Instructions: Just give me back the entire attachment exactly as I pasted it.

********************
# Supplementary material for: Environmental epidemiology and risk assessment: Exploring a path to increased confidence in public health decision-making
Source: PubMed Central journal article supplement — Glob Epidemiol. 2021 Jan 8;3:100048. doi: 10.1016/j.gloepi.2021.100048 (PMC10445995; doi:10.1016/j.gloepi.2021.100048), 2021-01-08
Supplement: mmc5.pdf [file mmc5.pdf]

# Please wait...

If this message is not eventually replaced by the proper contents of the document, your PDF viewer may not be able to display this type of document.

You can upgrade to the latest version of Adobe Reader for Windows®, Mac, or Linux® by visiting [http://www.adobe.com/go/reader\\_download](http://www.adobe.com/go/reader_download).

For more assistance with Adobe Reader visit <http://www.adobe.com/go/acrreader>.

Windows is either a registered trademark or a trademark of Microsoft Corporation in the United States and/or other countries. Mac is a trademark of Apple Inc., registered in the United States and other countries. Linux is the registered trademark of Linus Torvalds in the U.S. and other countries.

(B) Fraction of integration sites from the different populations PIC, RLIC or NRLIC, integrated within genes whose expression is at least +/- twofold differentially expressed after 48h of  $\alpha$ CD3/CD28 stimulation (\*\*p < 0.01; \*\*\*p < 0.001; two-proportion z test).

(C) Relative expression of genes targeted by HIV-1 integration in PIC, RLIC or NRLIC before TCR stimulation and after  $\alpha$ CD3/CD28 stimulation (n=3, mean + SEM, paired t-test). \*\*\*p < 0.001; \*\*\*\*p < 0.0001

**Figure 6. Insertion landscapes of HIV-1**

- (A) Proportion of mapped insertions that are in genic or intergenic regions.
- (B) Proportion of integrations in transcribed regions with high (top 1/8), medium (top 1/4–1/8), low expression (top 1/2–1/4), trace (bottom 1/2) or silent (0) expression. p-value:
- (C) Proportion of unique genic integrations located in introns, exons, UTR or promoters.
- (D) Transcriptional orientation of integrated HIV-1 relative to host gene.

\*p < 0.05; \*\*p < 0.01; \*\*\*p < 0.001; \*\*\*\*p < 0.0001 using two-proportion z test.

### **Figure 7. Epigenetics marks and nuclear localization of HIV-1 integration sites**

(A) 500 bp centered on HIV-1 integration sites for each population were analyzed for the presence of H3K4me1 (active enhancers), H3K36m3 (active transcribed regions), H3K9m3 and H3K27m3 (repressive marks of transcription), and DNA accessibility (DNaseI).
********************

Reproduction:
# Supplementary material for: Environmental epidemiology and risk assessment: Exploring a path to increased confidence in public health decision-making
Source: PubMed Central journal article supplement — Glob Epidemiol. 2021 Jan 8;3:100048. doi: 10.1016/j.gloepi.2021.100048 (PMC10445995; doi:10.1016/j.gloepi.2021.100048), 2021-01-08
Supplement: mmc5.pdf [file mmc5.pdf]

# Please wait...

If this message is not eventually replaced by the proper contents of the document, your PDF viewer may not be able to display this type of document.

You can upgrade to the latest version of Adobe Reader for Windows®, Mac, or Linux® by visiting [http://www.adobe.com/go/reader\\_download](http://www.adobe.com/go/reader_download).

For more assistance with Adobe Reader visit <http://www.adobe.com/go/acrreader>.

Windows is either a registered trademark or a trademark of Microsoft Corporation in the United States and/or other countries. Mac is a trademark of Apple Inc., registered in the United States and other countries. Linux is the registered trademark of Linus Torvalds in the U.S. and other countries.

(B) Fraction of integration sites from the different populations PIC, RLIC or NRLIC, integrated within genes whose expression is at least +/- twofold differentially expressed after 48h of  $\alpha$ CD3/CD28 stimulation (\*\*p < 0.01; \*\*\*p < 0.001; two-proportion z test).

(C) Relative expression of genes targeted by HIV-1 integration in PIC, RLIC or NRLIC before TCR stimulation and after  $\alpha$ CD3/CD28 stimulation (n=3, mean + SEM, paired t-test). \*\*\*p < 0.001; \*\*\*\*p < 0.0001

**Figure 6. Insertion landscapes of HIV-1**

- (A) Proportion of mapped insertions that are in genic or intergenic regions.
- (B) Proportion of integrations in transcribed regions with high (top 1/8), medium (top 1/4–1/8), low expression (top 1/2–1/4), trace (bottom 1/2) or silent (0) expression. p-value:
- (C) Proportion of unique genic integrations located in introns, exons, UTR or promoters.
- (D) Transcriptional orientation of integrated HIV-1 relative to host gene.

\*p < 0.05; \*\*p < 0.01; \*\*\*p < 0.001; \*\*\*\*p < 0.0001 using two-proportion z test.

### **Figure 7. Epigenetics marks and nuclear localization of HIV-1 integration sites**

(A) 500 bp centered on HIV-1 integration sites for each population were analyzed for the presence of H3K4me1 (active enhancers), H3K36m3 (active transcribed regions), H3K9m3 and H3K27m3 (repressive marks of transcription), and DNA accessibility (DNaseI).